// we need to put vec[i] where it belongs.
            // and we do this by temporarily storing the value of vec[i] and then shifting
            // all the elements of the array/vec that are bigger than vec[i] to the right
            // until we arrive at vec[i]'s new, rightful place
            if (vec[i-1] > vec[i]) {
                int hold = vec[i]; // hold value
 
                int pos = i; // track positive to insert `hold`
               
                while (pos > 0 && vec[pos - 1] > hold) {
                   
                    vec[pos] = vec[pos - 1];
                    pos--;
 
                    // but, if our original vec[i] is bigger than
                    // the element we shifted in the last iteration,
                    // we can stop shifting
                }
                // now we can put the original vec[i] where it belongs by accessing
                // the pos variable which holds the position we want to INSERT the
                // original vec[i] into
                vec[pos] = hold;
            }
        }
    }
}
// BELOW IS JUST INPUT, FEEL FREE TO OVERLOOK
int main() {
    cout << "give me a string" << endl;
    string s; getline(cin, s);
 
    vector<char> vec(s.begin(), s.end());
 
    if (!vec.empty()) insertionsort(vec);
 
    string str(vec.begin(), vec.end());
 
    cout << str << endl;
    return 0;
}

Ignore main(), as that is just the gathering of input. Focus on insertionsort(...), which takes an array (vector) as its only parameter.

We do pretty much the same thing here as we did in Ruby. All that really changes is the syntax and that I called our array vec instead of str.

So, look at the comments and read what I wrote for the Ruby implementation.

Conclusion

That’s all for Insertion Sort. I encourage you all to run the programs yourselves and type them out to increase your understanding.

Next time I will be talking about Selection Sort, but not before a little gift of Bogo Sort!

Keep on hacking,

oaktree


Sorting (Part 5.0): Selection Sort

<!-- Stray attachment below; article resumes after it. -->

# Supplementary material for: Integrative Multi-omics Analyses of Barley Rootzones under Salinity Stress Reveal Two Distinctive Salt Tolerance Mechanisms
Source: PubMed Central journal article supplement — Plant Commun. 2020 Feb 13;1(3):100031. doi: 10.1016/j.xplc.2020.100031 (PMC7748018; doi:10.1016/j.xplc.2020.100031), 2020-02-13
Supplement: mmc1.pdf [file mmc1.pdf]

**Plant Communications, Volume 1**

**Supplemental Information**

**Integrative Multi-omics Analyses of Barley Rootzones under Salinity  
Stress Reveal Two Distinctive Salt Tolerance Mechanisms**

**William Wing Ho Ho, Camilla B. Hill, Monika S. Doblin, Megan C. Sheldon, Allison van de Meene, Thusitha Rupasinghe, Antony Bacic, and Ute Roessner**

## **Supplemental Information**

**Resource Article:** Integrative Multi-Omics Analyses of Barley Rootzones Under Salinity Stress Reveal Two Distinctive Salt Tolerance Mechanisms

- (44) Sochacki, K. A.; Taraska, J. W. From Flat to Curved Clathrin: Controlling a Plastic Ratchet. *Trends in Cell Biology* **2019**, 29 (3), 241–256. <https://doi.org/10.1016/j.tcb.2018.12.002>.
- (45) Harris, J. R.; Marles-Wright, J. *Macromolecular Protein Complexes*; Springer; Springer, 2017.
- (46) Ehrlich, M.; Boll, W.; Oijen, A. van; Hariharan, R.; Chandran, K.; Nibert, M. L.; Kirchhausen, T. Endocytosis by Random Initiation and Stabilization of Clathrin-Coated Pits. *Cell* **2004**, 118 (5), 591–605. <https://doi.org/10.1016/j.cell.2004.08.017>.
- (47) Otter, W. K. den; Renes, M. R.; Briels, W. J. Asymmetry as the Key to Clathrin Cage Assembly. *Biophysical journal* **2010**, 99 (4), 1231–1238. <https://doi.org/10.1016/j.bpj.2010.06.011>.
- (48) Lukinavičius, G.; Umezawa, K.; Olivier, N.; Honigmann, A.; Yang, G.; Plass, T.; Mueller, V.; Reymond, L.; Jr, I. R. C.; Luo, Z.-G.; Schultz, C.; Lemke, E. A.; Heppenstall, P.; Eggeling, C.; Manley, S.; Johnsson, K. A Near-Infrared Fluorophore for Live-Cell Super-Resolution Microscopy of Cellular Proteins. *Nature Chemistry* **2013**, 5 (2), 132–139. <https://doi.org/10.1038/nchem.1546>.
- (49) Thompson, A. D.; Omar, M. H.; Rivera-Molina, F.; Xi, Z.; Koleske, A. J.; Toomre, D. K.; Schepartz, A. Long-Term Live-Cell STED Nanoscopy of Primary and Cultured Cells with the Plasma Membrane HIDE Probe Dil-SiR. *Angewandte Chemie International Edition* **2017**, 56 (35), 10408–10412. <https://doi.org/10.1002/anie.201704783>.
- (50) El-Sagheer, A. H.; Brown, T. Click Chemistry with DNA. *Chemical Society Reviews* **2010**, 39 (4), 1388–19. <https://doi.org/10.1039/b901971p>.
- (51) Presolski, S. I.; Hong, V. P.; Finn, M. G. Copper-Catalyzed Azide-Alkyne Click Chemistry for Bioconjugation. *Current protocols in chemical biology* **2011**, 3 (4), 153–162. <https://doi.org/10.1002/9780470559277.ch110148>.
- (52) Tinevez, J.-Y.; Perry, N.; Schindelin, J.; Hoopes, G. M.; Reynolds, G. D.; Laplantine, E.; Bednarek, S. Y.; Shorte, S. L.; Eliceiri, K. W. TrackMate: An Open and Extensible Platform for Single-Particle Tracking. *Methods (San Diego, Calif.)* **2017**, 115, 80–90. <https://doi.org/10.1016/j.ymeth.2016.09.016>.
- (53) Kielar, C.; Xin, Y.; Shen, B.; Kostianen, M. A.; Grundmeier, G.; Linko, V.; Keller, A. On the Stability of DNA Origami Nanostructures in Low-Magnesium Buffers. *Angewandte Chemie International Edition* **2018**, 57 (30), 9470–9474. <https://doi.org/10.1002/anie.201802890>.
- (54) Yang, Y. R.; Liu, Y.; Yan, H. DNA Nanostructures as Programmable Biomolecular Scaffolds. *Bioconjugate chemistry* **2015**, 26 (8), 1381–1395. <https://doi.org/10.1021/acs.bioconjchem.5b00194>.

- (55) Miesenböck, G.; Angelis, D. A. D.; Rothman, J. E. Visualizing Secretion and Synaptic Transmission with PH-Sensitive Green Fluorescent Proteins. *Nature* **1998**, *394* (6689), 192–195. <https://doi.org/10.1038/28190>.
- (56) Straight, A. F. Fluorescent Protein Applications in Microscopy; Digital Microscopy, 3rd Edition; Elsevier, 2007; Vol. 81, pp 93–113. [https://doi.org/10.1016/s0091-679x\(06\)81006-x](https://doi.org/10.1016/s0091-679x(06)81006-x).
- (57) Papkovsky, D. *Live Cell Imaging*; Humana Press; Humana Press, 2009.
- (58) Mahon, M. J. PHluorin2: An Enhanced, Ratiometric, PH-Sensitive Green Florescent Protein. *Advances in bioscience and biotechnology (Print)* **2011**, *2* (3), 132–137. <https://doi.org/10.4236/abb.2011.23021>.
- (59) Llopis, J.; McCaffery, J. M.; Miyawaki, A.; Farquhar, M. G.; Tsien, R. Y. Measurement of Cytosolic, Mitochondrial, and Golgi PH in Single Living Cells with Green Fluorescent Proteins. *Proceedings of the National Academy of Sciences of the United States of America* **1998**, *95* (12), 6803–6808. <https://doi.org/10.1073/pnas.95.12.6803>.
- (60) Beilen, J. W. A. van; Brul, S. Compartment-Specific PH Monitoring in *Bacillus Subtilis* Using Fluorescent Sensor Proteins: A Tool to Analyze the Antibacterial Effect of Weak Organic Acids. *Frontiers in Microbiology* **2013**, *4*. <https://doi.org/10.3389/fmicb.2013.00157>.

#2

This seems awfully important, although I really don’t understand how it works so I’ll have to look into it!


(oaktree) #3

Well, I wouldn’t call the particular algo “awfully important,” but it is necessary that you understand this so that you can thing like a computer scientist and build better tools and applications.


#4

Which in the long run is a very important thing to do, in context of how well you code, etc.


(oaktree) #5

Here’s the thing:

Programming is easy, programming well is hard.

And…

A lot of people can “program,” just not all that well.

Mastering these simple algorithms is a first step in learning how to write good, concise and expressive code independent of the particular language being used.


#6

Will do mate, I’ll take it by heart.


#7

And I guess there’s always the fact that the longer you “program” the better you get at it.


(oaktree) #8

Indeed. There is undeniably a significant learning curve; you need only want to climb it and work hard at doing so.


#9

^ Or in other words “the amount of effort you put into something, will always result in what you get from it”.


(oaktree) #10

Only that the relationship is not linear; sooner or later it’ll get easier to learn the same amount.


#11

Well I guess you could say that the effort you put into something could also benefit you later on. Of course it would never work if it was linear :stuck_out_tongue: . There are always circumstances it seems that either benefit someone or screw 'em over.


(oaktree) #12